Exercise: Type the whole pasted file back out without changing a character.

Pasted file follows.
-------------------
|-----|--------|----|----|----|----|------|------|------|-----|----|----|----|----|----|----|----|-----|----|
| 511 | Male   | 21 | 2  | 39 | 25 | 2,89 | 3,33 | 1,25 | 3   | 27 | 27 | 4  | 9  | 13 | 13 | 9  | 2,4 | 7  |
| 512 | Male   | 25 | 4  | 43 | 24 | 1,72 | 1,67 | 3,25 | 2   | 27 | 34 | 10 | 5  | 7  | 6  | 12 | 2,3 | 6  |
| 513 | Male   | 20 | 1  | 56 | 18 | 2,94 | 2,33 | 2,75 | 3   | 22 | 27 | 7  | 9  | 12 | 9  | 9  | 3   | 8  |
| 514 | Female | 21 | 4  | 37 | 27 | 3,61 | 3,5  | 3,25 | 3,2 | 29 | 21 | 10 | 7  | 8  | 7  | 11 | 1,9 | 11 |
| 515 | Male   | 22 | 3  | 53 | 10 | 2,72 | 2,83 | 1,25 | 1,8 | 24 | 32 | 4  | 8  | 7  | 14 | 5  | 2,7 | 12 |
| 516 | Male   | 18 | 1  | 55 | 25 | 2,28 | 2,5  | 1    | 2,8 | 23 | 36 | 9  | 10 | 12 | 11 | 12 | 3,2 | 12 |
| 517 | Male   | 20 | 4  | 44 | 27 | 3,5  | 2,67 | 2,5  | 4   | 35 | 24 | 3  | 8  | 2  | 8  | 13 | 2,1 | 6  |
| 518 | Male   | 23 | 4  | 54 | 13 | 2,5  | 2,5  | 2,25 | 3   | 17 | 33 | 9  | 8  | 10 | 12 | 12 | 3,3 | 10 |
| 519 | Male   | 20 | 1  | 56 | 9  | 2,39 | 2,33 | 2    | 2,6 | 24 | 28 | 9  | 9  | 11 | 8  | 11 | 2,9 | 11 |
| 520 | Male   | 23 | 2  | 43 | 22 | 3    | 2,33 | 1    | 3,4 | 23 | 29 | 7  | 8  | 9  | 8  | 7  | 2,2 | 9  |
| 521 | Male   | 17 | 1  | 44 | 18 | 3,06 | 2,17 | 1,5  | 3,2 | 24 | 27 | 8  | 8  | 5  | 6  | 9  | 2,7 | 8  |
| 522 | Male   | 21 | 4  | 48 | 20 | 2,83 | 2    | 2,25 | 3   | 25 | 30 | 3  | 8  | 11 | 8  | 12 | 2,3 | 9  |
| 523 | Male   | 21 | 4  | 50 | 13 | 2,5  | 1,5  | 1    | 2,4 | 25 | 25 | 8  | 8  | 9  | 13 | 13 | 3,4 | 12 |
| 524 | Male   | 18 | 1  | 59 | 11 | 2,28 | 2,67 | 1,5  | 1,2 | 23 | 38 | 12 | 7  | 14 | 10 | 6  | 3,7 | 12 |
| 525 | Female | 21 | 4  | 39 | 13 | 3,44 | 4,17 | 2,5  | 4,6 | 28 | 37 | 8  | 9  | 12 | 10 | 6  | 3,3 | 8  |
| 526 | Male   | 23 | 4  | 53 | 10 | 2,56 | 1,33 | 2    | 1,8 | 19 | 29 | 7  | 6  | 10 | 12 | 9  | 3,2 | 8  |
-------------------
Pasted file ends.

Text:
|-----|--------|----|----|----|----|------|------|------|-----|----|----|----|----|----|----|----|-----|----|
| 511 | Male   | 21 | 2  | 39 | 25 | 2,89 | 3,33 | 1,25 | 3   | 27 | 27 | 4  | 9  | 13 | 13 | 9  | 2,4 | 7  |
| 512 | Male   | 25 | 4  | 43 | 24 | 1,72 | 1,67 | 3,25 | 2   | 27 | 34 | 10 | 5  | 7  | 6  | 12 | 2,3 | 6  |
| 513 | Male   | 20 | 1  | 56 | 18 | 2,94 | 2,33 | 2,75 | 3   | 22 | 27 | 7  | 9  | 12 | 9  | 9  | 3   | 8  |
| 514 | Female | 21 | 4  | 37 | 27 | 3,61 | 3,5  | 3,25 | 3,2 | 29 | 21 | 10 | 7  | 8  | 7  | 11 | 1,9 | 11 |
| 515 | Male   | 22 | 3  | 53 | 10 | 2,72 | 2,83 | 1,25 | 1,8 | 24 | 32 | 4  | 8  | 7  | 14 | 5  | 2,7 | 12 |
| 516 | Male   | 18 | 1  | 55 | 25 | 2,28 | 2,5  | 1    | 2,8 | 23 | 36 | 9  | 10 | 12 | 11 | 12 | 3,2 | 12 |
| 517 | Male   | 20 | 4  | 44 | 27 | 3,5  | 2,67 | 2,5  | 4   | 35 | 24 | 3  | 8  | 2  | 8  | 13 | 2,1 | 6  |
| 518 | Male   | 23 | 4  | 54 | 13 | 2,5  | 2,5  | 2,25 | 3   | 17 | 33 | 9  | 8  | 10 | 12 | 12 | 3,3 | 10 |
| 519 | Male   | 20 | 1  | 56 | 9  | 2,39 | 2,33 | 2    | 2,6 | 24 | 28 | 9  | 9  | 11 | 8  | 11 | 2,9 | 11 |
| 520 | Male   | 23 | 2  | 43 | 22 | 3    | 2,33 | 1    | 3,4 | 23 | 29 | 7  | 8  | 9  | 8  | 7  | 2,2 | 9  |
| 521 | Male   | 17 | 1  | 44 | 18 | 3,06 | 2,17 | 1,5  | 3,2 | 24 | 27 | 8  | 8  | 5  | 6  | 9  | 2,7 | 8  |
| 522 | Male   | 21 | 4  | 48 | 20 | 2,83 | 2    | 2,25 | 3   | 25 | 30 | 3  | 8  | 11 | 8  | 12 | 2,3 | 9  |
| 523 | Male   | 21 | 4  | 50 | 13 | 2,5  | 1,5  | 1    | 2,4 | 25 | 25 | 8  | 8  | 9  | 13 | 13 | 3,4 | 12 |
| 524 | Male   | 18 | 1  | 59 | 11 | 2,28 | 2,67 | 1,5  | 1,2 | 23 | 38 | 12 | 7  | 14 | 10 | 6  | 3,7 | 12 |
| 525 | Female | 21 | 4  | 39 | 13 | 3,44 | 4,17 | 2,5  | 4,6 | 28 | 37 | 8  | 9  | 12 | 10 | 6  | 3,3 | 8  |
| 526 | Male   | 23 | 4  | 53 | 10 | 2,56 | 1,33 | 2    | 1,8 | 19 | 29 | 7  | 6  | 10 | 12 | 9  | 3,2 | 8  |